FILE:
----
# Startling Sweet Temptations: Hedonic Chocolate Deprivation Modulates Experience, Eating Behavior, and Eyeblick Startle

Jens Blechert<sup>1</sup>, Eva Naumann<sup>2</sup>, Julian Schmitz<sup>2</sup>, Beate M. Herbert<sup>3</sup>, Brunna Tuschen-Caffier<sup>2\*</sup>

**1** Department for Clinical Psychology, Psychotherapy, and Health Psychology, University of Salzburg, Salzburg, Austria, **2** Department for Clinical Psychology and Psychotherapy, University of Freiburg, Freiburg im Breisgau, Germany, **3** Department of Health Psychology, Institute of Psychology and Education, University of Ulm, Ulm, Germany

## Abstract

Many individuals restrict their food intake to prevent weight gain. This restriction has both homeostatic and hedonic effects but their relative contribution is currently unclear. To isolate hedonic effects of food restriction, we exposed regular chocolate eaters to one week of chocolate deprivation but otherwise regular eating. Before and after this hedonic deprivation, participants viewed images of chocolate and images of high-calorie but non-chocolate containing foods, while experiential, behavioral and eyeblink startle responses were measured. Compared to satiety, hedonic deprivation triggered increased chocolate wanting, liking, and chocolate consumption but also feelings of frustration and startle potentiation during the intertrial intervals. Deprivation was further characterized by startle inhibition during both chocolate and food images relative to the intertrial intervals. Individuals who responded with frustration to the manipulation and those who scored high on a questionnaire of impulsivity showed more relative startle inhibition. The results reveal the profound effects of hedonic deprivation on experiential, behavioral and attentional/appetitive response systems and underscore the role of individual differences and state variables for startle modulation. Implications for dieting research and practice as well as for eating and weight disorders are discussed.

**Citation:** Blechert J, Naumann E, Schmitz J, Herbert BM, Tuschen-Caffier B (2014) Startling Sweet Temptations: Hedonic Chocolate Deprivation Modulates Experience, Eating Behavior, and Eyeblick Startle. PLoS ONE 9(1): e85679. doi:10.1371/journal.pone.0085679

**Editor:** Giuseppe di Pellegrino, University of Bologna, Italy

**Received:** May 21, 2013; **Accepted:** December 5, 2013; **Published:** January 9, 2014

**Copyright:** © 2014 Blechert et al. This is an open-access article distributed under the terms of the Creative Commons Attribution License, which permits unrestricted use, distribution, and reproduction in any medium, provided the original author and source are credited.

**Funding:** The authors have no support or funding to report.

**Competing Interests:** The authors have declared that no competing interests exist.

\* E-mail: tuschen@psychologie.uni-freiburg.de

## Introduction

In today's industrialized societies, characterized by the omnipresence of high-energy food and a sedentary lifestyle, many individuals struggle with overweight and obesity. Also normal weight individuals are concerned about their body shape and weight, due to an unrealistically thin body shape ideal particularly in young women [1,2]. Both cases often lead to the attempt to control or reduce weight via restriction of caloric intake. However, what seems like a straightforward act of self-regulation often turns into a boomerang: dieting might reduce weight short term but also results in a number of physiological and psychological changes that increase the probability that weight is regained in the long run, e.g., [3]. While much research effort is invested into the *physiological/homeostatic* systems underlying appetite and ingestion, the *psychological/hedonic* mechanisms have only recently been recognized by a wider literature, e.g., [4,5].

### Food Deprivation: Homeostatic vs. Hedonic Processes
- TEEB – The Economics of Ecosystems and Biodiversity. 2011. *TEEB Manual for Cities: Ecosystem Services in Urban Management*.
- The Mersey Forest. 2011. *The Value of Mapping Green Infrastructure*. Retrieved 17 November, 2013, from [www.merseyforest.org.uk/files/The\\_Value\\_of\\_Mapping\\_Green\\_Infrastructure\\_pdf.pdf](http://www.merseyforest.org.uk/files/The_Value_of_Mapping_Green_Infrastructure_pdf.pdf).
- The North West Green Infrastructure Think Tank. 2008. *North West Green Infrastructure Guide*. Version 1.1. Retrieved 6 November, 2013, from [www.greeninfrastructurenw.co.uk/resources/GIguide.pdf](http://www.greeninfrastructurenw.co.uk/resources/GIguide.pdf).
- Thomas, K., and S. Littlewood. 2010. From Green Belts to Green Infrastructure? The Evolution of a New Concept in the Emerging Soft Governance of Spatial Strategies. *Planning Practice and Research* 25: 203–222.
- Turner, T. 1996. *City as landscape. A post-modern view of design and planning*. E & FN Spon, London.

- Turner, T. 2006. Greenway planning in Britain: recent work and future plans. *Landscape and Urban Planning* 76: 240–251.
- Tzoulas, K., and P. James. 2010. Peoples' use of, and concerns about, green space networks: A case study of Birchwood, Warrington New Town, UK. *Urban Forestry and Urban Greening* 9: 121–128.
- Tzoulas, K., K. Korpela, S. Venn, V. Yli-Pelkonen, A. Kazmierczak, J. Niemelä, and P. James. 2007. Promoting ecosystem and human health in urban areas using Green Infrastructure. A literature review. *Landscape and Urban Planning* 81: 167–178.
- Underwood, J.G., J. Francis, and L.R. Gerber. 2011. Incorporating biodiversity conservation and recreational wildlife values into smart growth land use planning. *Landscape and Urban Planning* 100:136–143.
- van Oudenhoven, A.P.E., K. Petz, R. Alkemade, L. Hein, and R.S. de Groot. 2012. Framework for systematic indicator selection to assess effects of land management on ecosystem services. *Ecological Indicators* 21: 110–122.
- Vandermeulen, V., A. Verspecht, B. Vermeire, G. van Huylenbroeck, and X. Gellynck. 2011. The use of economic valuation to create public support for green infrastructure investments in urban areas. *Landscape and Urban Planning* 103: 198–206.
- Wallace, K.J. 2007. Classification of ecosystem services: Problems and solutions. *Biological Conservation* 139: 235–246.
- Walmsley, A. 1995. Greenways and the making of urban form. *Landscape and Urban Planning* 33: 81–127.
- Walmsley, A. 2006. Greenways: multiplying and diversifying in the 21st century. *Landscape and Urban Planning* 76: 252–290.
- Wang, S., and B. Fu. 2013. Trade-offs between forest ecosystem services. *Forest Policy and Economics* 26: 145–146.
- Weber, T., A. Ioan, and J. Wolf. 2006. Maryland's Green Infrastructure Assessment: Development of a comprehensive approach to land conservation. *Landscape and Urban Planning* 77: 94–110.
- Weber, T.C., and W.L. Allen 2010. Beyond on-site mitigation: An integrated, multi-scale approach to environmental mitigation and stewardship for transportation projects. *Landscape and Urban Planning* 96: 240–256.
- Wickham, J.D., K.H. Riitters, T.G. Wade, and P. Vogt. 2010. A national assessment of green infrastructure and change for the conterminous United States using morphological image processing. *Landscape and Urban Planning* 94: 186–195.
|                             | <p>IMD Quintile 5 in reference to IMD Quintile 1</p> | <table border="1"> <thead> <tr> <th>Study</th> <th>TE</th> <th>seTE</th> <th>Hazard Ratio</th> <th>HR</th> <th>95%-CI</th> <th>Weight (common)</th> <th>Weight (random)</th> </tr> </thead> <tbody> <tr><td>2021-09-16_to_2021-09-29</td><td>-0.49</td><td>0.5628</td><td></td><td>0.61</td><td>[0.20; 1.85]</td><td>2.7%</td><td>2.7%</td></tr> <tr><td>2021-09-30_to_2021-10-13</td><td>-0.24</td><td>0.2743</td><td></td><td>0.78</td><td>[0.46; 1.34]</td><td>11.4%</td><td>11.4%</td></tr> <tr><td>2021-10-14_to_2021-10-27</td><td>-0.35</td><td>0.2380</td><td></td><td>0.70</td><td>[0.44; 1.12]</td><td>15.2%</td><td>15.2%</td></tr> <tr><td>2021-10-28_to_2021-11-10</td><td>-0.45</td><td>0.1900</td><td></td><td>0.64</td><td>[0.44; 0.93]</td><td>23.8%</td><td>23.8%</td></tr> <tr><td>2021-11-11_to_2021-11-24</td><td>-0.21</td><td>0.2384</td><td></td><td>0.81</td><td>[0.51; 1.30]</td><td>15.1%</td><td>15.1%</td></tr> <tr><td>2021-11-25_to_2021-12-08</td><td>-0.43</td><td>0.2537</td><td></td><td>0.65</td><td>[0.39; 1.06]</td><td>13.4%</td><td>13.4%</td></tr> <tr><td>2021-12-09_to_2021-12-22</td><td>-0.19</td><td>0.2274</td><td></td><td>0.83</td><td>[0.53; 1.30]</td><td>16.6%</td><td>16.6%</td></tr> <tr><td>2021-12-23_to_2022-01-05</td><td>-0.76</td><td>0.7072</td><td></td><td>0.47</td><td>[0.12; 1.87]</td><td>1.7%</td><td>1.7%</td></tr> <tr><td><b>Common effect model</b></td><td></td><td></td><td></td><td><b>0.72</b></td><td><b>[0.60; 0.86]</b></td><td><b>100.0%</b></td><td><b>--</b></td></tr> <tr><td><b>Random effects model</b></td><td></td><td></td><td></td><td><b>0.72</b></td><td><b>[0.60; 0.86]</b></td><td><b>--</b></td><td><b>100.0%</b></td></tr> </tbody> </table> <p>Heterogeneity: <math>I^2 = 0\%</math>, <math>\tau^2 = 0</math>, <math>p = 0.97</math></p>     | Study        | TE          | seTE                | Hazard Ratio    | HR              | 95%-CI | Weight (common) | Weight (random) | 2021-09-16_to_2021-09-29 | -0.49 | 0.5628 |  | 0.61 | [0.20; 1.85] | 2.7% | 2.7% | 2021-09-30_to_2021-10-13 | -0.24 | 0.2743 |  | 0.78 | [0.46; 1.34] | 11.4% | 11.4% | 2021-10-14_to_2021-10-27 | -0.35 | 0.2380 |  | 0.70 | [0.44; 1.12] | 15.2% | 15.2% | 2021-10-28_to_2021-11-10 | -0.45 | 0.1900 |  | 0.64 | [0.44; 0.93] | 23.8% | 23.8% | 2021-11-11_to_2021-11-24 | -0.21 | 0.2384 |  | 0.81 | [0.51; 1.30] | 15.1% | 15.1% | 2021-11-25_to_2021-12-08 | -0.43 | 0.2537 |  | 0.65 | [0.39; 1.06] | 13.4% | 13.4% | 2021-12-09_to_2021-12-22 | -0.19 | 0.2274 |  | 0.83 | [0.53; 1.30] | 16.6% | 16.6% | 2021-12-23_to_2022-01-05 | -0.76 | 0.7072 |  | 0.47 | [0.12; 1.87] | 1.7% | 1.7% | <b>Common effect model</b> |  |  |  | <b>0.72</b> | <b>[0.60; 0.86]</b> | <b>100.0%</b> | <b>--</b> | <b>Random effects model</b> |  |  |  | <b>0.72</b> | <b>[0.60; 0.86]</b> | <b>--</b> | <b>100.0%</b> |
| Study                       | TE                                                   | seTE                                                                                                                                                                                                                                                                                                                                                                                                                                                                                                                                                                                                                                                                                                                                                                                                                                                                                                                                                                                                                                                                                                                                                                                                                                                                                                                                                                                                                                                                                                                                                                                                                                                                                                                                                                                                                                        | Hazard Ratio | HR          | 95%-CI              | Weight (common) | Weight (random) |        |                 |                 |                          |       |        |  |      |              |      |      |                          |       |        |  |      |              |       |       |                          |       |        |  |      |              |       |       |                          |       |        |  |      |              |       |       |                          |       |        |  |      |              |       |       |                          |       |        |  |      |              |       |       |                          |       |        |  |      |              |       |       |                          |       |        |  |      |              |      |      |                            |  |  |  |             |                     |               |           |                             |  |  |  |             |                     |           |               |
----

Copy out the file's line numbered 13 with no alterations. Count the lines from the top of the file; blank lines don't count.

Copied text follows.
## Introduction